When you're actually looking for love on dating apps, it can be super annoying to wade through tons of people who are only interested in casual sex. Sure, there are some people who use more hookup-oriented apps to find a relationship, but how can you tell them apart from the rest? Unless their bio says "not here for hookups," it's impossible to tell someone's intentions on most swiping apps (and even then, they could be full of BS). Fortunately, there are some dating apps that let you list what you're looking for, and those might be the easiest, most efficient way to find love online.
There's no shame in wanting something casual, just like it's totally cool to be in it for the long haul, too — but being upfront is crucial to dating success. One of the biggest dating mistakes you can make is leading people on, and not being honest about what you're looking for. I'd be willing to bet that the number one cause of ghosting is a fear of commitment coupled with an inability to communicate what you really want. It's OK to want something no-strings-attached; it's not OK to pretend otherwise and then wind up hurting someone. So the best way to avoid all that? Spell out what you want in your online dating profile, so potential matches are truly compatible with you and your needs.
Although technically you can list what you're looking for in any dating app bio, these five apps go above and beyond, giving you the tools you need to be straightforward.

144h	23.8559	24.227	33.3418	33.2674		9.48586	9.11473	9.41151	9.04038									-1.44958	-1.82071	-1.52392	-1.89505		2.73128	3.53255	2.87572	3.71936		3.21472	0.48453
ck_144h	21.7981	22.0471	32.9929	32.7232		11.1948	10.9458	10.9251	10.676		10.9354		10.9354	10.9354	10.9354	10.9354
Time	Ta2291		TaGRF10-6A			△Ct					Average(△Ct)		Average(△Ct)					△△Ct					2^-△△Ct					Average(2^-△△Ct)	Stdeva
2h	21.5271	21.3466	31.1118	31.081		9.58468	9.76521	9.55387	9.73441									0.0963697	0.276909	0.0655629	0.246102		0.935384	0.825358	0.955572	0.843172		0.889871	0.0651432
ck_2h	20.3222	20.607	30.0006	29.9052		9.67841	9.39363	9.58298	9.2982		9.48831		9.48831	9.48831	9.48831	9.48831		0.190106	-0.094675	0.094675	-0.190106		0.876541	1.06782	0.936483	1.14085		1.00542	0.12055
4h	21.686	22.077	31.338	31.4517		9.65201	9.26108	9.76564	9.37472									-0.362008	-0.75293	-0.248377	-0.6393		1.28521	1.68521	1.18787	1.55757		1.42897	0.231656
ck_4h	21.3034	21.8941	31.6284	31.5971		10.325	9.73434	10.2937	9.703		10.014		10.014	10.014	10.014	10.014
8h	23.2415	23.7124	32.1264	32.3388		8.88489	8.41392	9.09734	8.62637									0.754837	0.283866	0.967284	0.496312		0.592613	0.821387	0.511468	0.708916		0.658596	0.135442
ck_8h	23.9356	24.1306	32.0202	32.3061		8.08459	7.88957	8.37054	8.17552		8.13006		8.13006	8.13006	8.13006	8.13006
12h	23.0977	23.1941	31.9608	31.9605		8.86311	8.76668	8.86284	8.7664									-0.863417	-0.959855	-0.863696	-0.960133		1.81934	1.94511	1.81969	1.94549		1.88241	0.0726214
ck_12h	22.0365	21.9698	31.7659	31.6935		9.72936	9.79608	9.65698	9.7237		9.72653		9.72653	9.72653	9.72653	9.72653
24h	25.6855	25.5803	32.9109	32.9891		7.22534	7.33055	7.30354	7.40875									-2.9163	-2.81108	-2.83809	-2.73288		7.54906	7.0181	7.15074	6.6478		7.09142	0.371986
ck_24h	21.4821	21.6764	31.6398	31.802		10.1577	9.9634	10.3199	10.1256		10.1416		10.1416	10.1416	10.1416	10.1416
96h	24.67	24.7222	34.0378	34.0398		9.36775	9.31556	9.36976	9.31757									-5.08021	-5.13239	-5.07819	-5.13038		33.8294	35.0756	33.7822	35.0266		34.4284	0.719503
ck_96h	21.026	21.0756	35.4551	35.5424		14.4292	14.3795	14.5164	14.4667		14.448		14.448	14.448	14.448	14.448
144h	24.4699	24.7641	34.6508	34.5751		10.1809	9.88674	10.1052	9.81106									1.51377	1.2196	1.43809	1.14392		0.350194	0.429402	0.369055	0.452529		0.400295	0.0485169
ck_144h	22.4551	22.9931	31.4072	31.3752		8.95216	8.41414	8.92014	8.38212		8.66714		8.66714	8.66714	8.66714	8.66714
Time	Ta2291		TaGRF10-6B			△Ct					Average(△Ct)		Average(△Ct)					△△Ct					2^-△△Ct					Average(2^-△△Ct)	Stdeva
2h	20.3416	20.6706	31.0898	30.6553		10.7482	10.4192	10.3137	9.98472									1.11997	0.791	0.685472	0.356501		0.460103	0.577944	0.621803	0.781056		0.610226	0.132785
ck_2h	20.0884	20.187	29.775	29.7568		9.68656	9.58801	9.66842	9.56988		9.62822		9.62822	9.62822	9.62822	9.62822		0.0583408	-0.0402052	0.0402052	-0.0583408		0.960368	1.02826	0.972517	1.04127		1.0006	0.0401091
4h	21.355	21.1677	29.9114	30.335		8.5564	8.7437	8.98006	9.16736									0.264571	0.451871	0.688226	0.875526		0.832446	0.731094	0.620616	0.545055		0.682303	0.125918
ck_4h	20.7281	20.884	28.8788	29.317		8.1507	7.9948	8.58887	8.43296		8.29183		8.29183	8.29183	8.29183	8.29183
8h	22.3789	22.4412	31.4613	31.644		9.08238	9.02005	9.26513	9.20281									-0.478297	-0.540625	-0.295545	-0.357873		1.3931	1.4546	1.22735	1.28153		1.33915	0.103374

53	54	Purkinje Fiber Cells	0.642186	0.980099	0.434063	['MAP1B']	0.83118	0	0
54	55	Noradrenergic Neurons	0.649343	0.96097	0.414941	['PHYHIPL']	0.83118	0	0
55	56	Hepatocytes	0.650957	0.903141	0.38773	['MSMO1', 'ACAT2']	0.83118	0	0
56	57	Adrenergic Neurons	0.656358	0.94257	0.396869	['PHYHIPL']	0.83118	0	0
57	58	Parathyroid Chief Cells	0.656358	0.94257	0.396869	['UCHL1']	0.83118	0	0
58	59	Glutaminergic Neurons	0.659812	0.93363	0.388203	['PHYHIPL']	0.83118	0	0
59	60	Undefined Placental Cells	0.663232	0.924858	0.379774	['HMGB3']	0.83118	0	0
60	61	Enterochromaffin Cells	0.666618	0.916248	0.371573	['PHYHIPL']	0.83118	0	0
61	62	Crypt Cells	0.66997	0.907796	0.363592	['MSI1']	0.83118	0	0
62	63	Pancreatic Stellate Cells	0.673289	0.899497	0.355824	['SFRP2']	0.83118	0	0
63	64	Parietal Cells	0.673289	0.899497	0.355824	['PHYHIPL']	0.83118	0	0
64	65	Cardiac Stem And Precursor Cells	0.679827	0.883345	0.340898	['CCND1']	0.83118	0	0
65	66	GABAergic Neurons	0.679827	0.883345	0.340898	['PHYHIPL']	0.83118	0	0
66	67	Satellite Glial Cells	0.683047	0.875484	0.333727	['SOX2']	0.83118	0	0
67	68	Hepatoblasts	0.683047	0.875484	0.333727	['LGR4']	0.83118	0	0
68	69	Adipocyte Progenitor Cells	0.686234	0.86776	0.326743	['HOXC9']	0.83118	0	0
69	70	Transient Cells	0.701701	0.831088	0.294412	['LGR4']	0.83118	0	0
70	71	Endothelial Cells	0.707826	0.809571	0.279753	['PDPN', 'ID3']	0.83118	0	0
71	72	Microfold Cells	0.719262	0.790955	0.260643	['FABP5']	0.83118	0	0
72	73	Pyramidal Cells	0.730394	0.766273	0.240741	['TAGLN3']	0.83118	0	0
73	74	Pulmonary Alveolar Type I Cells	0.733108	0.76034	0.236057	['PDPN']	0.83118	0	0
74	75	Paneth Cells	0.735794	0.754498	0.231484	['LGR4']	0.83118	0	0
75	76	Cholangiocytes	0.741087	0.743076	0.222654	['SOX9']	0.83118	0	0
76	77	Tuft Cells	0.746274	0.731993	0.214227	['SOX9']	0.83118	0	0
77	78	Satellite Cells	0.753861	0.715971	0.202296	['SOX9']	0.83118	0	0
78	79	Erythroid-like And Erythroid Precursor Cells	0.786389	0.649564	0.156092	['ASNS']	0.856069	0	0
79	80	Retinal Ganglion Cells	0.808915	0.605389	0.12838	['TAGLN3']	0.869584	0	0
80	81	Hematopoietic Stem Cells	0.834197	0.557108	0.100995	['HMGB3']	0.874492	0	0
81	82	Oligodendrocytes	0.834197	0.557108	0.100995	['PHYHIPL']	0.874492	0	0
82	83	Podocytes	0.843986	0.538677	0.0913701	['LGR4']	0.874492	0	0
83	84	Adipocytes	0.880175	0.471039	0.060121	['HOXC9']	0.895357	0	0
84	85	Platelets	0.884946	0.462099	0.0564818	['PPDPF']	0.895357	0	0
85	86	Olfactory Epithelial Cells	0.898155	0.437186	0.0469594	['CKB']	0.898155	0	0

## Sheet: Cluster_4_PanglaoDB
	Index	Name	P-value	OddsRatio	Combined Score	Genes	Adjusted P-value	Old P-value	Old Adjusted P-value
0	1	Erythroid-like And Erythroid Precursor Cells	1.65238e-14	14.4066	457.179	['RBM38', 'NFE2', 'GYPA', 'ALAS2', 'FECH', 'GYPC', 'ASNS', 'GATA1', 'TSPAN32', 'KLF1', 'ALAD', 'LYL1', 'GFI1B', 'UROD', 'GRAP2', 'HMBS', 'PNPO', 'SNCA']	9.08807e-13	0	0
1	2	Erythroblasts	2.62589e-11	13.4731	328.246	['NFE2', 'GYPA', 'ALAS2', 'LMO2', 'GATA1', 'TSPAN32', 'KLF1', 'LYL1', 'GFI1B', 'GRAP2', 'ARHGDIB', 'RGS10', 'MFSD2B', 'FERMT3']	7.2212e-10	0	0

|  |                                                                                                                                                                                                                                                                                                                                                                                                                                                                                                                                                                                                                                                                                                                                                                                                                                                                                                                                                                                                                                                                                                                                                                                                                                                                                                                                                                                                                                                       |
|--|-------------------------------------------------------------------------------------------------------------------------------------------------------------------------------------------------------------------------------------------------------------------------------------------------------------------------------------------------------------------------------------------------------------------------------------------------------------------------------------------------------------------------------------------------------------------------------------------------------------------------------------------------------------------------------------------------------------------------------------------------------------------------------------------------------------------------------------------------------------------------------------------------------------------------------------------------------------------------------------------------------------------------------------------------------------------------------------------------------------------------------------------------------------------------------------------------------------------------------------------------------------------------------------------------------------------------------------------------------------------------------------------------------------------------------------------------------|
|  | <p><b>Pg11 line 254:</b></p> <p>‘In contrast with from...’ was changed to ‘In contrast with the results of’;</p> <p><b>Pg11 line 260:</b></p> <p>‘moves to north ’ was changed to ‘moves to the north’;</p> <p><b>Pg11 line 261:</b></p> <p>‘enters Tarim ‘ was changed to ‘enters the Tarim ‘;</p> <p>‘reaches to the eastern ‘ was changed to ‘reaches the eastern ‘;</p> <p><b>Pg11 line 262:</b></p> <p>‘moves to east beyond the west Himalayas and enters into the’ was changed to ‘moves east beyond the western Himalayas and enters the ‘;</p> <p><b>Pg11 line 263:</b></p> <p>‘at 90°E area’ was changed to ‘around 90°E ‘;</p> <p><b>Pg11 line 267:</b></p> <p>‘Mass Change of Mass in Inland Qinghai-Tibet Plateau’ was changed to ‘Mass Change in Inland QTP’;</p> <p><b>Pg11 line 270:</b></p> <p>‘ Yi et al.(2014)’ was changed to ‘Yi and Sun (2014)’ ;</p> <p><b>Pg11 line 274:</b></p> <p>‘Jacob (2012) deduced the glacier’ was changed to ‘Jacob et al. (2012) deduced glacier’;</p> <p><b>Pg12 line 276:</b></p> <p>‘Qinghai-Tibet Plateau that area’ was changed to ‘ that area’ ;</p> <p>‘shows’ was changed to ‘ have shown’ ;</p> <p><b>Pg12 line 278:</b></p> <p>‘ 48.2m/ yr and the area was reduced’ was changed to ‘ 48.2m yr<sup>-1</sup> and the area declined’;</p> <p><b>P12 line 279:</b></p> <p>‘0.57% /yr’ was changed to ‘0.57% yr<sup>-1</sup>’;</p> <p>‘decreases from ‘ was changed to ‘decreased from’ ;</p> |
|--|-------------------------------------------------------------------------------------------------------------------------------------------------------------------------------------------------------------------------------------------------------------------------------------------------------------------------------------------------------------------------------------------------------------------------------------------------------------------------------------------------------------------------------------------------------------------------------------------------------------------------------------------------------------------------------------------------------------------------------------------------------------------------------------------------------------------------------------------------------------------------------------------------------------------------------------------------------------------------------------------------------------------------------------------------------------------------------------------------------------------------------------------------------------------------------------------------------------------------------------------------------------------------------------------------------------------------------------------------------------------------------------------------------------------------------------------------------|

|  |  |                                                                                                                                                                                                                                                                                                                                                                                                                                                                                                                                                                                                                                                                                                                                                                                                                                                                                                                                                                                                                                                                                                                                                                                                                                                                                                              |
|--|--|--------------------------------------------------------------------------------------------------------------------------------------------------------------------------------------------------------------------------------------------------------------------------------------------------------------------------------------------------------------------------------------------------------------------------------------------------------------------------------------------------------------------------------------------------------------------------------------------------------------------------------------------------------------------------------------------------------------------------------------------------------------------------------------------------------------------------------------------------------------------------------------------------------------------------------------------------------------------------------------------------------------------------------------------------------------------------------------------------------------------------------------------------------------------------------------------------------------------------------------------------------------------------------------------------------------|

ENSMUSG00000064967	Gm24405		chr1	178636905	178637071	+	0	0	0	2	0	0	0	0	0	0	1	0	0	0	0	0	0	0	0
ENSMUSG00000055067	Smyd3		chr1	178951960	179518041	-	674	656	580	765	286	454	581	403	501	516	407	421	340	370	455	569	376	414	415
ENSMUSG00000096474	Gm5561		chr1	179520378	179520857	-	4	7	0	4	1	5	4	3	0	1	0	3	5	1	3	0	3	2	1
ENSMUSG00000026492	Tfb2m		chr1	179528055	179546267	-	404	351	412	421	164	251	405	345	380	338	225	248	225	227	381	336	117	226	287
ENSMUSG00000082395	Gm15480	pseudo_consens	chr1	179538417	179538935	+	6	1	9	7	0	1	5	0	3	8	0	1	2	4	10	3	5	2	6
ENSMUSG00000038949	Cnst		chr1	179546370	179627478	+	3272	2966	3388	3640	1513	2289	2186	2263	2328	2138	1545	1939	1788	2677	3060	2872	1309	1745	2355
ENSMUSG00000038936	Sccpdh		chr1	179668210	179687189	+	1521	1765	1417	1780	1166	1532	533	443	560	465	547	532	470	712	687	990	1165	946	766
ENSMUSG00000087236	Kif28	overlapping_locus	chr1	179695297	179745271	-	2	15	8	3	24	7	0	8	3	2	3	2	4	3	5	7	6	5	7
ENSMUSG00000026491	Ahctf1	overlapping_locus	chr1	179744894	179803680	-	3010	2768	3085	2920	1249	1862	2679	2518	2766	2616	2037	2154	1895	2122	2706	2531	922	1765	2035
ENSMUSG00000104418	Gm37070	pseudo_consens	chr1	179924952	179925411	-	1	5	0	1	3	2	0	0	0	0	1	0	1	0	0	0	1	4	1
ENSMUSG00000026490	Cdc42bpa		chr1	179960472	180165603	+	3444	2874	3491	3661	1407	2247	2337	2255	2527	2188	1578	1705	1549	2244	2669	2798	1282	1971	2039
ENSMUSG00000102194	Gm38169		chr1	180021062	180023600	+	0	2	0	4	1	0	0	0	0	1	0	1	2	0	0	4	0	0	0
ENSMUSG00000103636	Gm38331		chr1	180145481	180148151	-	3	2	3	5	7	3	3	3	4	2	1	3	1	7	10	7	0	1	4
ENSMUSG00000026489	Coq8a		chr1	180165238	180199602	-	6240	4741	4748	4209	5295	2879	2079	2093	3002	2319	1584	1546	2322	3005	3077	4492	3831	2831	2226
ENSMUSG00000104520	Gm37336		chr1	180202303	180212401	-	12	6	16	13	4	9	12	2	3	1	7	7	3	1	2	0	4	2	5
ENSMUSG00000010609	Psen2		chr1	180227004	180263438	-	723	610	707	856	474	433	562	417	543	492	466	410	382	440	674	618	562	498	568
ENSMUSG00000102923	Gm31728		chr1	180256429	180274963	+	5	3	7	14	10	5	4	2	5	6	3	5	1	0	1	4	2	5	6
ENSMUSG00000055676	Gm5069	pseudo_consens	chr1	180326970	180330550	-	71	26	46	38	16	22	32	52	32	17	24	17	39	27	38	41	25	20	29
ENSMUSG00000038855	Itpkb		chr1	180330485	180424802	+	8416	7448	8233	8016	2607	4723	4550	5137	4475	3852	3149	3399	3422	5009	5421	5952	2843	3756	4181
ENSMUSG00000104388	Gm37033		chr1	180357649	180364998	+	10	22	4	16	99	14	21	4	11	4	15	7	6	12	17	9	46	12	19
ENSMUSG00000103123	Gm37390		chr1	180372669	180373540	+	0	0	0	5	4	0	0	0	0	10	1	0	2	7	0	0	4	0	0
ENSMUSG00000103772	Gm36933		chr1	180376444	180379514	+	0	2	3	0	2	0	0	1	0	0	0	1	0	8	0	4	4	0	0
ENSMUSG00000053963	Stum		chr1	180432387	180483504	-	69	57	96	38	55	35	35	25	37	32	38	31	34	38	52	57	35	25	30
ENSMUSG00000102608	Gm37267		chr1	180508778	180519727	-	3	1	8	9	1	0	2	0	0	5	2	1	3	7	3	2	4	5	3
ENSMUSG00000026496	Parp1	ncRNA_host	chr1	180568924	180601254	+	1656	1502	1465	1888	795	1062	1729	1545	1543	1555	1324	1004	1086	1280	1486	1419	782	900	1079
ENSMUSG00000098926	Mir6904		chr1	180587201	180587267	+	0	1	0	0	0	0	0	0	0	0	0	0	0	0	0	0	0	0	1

Ahh, the "old faithful" of dating apps. OkCupid has been around for years (I used it as early as 2012), and it's always been my go-to app because of how in-depth its profiles can be. When you're searching for something long-term, OKC is a great option because it attracts more relationship-oriented people. It can take hours to answer match questions and write an awesome profile, so people just looking for a hookup might not want to go through the trouble.
Hinge has been around for a while, and they're actually totally redesigning the app (their website right now boasts a ~mysterious~ way to get out of the "dating apocalypse"). Even before this, though, Hinge had a "open to" section of the app that let users say whether they wanted dating, hookups, or a relationship. No matter how you slice it, Hinge seems like a great app to check out if you're interested in something with substance.
While Zoosk doesn't have a "looking for" drop-down with the rest of its basic profile info (like religion and education), it does have a separate section called "Perfect Match" where you can write in the specifics of who and what you're looking for. And if you want to be even more forthcoming with what you want, there's another box where you can describe your perfect date (although we all know the right answer is April 25th).
Match has a rep for being one of the more "serious" dating sites, probably because it's a paid site that attracts older members. Though I haven't used it personally, I went through the sign-up process to see what kind of options they had in terms of stating what you're looking for. As seen in the screenshots above, the site seems to be very focused on long-term dating — it asks about what you look for physically in a match (even including hair and eye color) and also asks users hard-hitting stuff right away, like whether or not they want kids and if they're OK with someone who's been married before. There isn't a drop-down "looking for" menu like some apps, but there is a box where you can write out exactly what you're looking for in a match.
This swiping app has an "Intention" preference setting where you can choose what you're looking for from a drop-down menu, so people know what you want at a glance. Clover is like a mix of Tinder and OkCupid in the sense that it's swipe-based, but you can also send or receive messages from anyone, regardless of whether or not you've mutually liked each other. Sounds cool in theory, just beware: you'll be bombarded with notifs.
Images: Fotolia; Laken Howard/Bustle (4); Hinge; Apple App Store